So there I sat, it was mid-April or early May. I was a mere few weeks away from hopefully closing on my house and closing in on nearly three months “officially” on the job, and there I sat, huddled into a cube with Sheryl, ready to take any Service Center calls that might come in, while attending a department conference call.
We were about 13 slides into the meeting, when suddenly the head of HR said, “… And the two Leave Administrator positions will remain as is and there we will have three open Associate Services Center positions.”
It took a moment to sink in and at nearly the same time Sheryl and I looked at each other in a panic, as we realized that was our job.
I can only imagine what the actual conference rooms reaction was a floor below us, but you could hear the silence in the room as everyone realized we were just told a lot of us would no longer be working for the company.
The meeting continued, they discussed that severance would be paid out and they would assist associates in finding new jobs. They told us if we wanted to keep our jobs, we would need to re-apply and interview. They gave no time line, no indication of what to expect. A few brave souls questioned the severance, the positions and the last days but we only got words that danced around the truth.
The meeting came to an end and my heart was in the pit of my stomach, my body was cold and I was beyond confused as to how to feel.
According to the Business of Labor Statistics.gov, in September of this year, employers took “1,316 mass layoff actions involving 122,462 workers.” So possibly, going through company layoffs it all just part of growing up, or at least part of growing up now.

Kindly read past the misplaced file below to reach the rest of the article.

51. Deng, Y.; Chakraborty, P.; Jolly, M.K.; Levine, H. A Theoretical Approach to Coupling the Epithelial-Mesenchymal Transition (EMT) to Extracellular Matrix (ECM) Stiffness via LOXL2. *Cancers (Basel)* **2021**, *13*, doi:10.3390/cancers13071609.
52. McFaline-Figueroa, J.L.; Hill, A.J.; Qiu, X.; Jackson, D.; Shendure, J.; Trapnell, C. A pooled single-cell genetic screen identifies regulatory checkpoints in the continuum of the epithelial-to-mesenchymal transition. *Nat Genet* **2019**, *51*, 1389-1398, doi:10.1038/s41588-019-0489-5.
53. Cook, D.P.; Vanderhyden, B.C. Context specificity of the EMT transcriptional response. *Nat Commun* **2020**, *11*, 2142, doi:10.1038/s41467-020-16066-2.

After the meeting, it was almost like everything had never been said. No one acted differently, my boss would briefly reassure Sheryl and I that the future would be okay. But, no one addressed the elephant in the room; no one said what was really happening.
Finally, communication went out about when the job postings would go up… and then they got delayed.
When positions slowly did begin to go up, I began to apply. I applied for positions hire then what I currently had, positions I was not qualified for but figured, “what the hell, it is worth a shot.”
I went through the interview process for the higher position, made it through all of the interviews before the position listing for my current position was posted.
Then, days before my scheduled interview for my current position, months after the meeting, after I applied and after I interviewed for the higher position. Some time, around the end of August, right before I was going to finally going to interview for the position I currently held I got a phone call about the higher position I applied for.
Scheduled for a 15 minute phone call, I headed into the vacant office, dialed into the meeting.
“Heather, I wanted to tell you everyone thought you were a very strong applicant and everyone was also very impressed with all you have accomplished and everyone you have connected with in your short time here,” I remember the lesion telling me. “… But, in the end we had eight applicants for the position and … well, you were outranked.”